Archive for April, 2013

Many people frequently ask me what the steps to put your android environment quickly running, it looks like the documentation isn’t clear enough and the books don’t go to the detail we need to quickly start developing. Since today someone had start building an enviroment and ask me for help online, for some moments i remember the kick in the ass that was to do this the first time i need this, so i decided to share a step by step tutorial about how to start your engines in android development

https://encrypted-tbn0.gstatic.com/images?q=tbn:ANd9GcQ811ym0tjkzWeJ8Bmh8eZCkizNr-vDf2x2_-Pehg1k_foqJngM

Get the Java Development Kit

First thing you need to get is the Java Development Kit.  This is available on the Sun Microsystems website.  You are going to be looking for Java Standard Edition JDK 5 or 6 and on the site you will be able to find installation info for your particular OS.  Click this link to get the Java Development Kit.  You will probably see two options for the standard edition: “JDK” & “JRE”.  Ultimately, you need both but you may already have the Java Runtime (JRE) on your machine as this is what is used to run Java code for applets and such.  Just try to install them both.

Once you click on either the “JDK” or “JRE” button, you will be prompted to accept the Terms of Use and then a list of links are made available for downloading of installer files (executables).  Find the one appropriate for your OS, download and then run it.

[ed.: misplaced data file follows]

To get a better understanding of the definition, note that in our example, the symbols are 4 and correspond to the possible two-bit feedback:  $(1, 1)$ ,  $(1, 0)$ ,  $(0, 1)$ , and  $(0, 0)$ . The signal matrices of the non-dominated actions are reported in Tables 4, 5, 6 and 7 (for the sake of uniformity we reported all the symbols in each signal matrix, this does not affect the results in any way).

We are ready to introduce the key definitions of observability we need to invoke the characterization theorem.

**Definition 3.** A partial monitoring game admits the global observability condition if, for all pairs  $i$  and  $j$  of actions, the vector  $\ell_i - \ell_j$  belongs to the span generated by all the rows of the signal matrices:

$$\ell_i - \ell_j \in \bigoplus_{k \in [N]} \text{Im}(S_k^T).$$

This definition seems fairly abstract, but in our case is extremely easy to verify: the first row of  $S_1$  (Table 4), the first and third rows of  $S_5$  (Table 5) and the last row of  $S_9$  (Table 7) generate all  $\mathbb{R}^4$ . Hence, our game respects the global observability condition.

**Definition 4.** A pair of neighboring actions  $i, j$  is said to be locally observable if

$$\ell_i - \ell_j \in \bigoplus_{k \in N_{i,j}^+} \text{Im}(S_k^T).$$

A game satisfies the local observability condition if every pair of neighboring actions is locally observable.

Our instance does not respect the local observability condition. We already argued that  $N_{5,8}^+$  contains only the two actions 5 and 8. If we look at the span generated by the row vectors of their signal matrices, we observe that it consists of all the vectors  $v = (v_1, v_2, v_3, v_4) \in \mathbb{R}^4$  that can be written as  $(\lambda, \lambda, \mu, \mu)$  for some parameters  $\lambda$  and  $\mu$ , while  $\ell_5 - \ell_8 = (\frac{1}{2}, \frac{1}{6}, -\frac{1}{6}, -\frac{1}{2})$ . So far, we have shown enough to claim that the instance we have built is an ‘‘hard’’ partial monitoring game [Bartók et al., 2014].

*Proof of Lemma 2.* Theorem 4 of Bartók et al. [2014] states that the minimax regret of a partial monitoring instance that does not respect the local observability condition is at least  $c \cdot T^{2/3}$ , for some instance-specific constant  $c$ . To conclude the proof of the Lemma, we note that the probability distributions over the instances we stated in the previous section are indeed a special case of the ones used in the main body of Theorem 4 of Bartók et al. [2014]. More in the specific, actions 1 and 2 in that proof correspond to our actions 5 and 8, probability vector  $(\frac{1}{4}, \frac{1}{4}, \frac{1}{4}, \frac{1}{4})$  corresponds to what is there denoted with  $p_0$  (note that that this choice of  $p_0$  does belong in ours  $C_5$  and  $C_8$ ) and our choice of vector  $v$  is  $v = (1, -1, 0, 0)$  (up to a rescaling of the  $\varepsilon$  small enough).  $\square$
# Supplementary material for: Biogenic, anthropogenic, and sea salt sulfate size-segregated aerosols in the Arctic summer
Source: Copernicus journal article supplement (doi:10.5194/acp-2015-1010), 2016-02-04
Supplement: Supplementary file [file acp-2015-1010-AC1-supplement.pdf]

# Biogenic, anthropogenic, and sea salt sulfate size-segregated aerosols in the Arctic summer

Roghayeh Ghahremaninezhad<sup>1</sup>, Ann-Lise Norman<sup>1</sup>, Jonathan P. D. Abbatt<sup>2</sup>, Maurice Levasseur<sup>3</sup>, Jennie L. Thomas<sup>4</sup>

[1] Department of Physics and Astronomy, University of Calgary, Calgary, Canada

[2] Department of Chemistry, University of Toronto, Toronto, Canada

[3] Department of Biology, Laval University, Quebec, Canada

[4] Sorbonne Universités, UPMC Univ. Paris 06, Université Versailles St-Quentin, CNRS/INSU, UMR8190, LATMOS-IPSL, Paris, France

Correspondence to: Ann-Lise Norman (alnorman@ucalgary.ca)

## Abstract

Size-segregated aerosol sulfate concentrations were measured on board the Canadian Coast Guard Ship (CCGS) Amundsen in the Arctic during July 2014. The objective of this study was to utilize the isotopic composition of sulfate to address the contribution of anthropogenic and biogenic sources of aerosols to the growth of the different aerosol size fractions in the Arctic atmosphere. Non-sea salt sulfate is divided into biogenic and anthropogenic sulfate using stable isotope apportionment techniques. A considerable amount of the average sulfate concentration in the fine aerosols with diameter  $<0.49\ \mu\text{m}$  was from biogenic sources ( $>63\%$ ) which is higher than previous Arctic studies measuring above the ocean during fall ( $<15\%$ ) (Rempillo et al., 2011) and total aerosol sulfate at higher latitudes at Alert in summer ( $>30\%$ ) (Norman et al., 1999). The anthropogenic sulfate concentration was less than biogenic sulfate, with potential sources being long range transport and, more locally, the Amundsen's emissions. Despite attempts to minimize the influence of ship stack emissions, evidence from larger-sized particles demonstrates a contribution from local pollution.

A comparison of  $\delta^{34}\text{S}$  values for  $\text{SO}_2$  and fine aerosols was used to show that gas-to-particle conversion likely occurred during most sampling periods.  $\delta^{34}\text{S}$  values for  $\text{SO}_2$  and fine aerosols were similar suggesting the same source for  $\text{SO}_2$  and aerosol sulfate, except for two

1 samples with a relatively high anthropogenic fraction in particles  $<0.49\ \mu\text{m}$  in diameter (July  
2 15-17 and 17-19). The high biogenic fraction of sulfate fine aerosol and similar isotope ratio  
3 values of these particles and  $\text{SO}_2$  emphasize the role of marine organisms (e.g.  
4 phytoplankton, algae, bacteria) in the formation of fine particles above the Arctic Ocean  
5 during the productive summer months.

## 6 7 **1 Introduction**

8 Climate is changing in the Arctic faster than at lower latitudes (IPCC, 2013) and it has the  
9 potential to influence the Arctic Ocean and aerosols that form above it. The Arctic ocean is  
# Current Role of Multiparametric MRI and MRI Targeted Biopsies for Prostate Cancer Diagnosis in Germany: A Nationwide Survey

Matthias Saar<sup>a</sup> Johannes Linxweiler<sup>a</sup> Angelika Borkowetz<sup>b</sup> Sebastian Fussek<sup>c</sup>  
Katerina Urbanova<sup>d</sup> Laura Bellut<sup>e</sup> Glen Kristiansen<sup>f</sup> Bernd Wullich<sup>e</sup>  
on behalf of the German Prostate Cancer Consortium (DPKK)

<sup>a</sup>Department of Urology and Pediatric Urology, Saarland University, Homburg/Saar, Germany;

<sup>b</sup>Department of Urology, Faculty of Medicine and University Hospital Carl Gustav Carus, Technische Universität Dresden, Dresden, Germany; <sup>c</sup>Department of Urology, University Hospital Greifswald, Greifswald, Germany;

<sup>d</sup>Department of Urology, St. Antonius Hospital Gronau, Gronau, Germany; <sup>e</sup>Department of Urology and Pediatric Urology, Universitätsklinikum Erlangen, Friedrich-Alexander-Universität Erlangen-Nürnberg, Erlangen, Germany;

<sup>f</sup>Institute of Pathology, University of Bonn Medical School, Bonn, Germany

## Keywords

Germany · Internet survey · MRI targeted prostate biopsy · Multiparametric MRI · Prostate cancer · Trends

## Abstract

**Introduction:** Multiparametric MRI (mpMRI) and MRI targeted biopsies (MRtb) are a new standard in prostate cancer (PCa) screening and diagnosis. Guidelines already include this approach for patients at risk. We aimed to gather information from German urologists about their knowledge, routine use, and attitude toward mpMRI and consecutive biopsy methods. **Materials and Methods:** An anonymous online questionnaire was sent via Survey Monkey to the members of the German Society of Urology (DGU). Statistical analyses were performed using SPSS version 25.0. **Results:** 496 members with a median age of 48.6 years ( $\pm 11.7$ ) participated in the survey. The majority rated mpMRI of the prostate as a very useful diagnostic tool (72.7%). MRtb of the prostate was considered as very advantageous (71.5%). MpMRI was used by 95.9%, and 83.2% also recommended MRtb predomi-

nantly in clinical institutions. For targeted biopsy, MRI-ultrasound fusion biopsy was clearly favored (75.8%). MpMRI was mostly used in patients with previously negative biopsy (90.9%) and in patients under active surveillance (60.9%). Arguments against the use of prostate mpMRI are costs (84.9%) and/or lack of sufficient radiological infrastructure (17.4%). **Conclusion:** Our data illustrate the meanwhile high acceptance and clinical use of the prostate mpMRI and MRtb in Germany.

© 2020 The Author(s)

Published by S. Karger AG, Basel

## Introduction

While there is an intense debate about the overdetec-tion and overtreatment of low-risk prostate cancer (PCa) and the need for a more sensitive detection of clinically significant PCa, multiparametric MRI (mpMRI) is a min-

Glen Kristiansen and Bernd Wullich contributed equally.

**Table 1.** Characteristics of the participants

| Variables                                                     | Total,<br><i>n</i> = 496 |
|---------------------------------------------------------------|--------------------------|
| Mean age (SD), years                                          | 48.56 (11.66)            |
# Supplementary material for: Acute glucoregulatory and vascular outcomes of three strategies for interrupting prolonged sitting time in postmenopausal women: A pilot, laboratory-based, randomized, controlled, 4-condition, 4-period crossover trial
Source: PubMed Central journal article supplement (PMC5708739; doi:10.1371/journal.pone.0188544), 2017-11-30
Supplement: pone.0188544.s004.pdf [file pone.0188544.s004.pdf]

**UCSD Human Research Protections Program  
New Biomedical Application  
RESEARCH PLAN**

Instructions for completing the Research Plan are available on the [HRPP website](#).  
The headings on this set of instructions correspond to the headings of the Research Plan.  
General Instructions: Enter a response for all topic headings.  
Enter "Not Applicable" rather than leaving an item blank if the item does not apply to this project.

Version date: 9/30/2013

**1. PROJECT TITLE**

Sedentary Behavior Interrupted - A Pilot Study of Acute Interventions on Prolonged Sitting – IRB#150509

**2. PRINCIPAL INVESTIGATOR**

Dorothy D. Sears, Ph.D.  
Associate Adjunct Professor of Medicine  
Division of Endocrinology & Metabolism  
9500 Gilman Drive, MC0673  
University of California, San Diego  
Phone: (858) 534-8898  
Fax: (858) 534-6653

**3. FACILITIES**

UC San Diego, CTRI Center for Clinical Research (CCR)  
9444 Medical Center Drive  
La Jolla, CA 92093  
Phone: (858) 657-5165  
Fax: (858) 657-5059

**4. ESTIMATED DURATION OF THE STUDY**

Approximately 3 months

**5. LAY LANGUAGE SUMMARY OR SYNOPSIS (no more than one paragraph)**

Get the Eclipse IDE

Your actual code for your Android application can be written in the free Eclipse IDE.  Download Eclipse for Java EE Developers here.

Note that Eclipse does not come with an installer.  You will be downloading a zip folder which will need to be unzipped and placed into your preferred directory.  There will be a readme file in the zip folder for your particular OS.  For my particular Windows installation, I just placed the “eclipse” root folder contained in the zip I downloaded on my C drive (C:\eclipse) and then opened the folder and right-clicked on the eclipse application file to send a shortcut to my desktop so I could launch eclipse from there.

Install the Android SDK

The Android software development kit is available for free download here.  This SDK includes Android application framework classes, documentation, tools, etc.  You have the option of downloading a zip file or an installer (exe file).  I recommend the installer, it’s much easier.  Just download it, double-click it and then follow the wizard.

NOTE: If you are running the SDK on a Windows machine then you have one more step before the SDK is ready to go.  You need to update the PATH variable in your Windows system variables.  Here are the steps (may vary slightly from version to version of Windows):

1- Right-click on “Computer” and then click “Properties”.

2- Click “Advanced System Settings” and then select the “Advanced” tab.

3- Click the “Environment Variables” button.

4- In the “System Variables” section, look for a variable named “Path” and double-click it.

5- In the “Variable Value” textbox, go to the end of the string and add a semicolon followed by the path to your Android tools folder (example: “C:\Program Files (x86)\Android\android-sdk-windows\tools”).

6- Click “OK” three times to exit all of the Windows system dialogs.

Install and configure the Android Plug-in for Eclipse

The Android plug-in for Elcipse integrates the Android tools into the Eclipse IDE seamlessly.  In order to install this plug-in, you are going to have to run an Eclipse update.  The steps to do this will vary depending on the version of Eclipse that you have so if you get lost, visit the this page on the Android Developer website.  Here are the steps you need to follow for Eclipse version 3.5 (Galileo):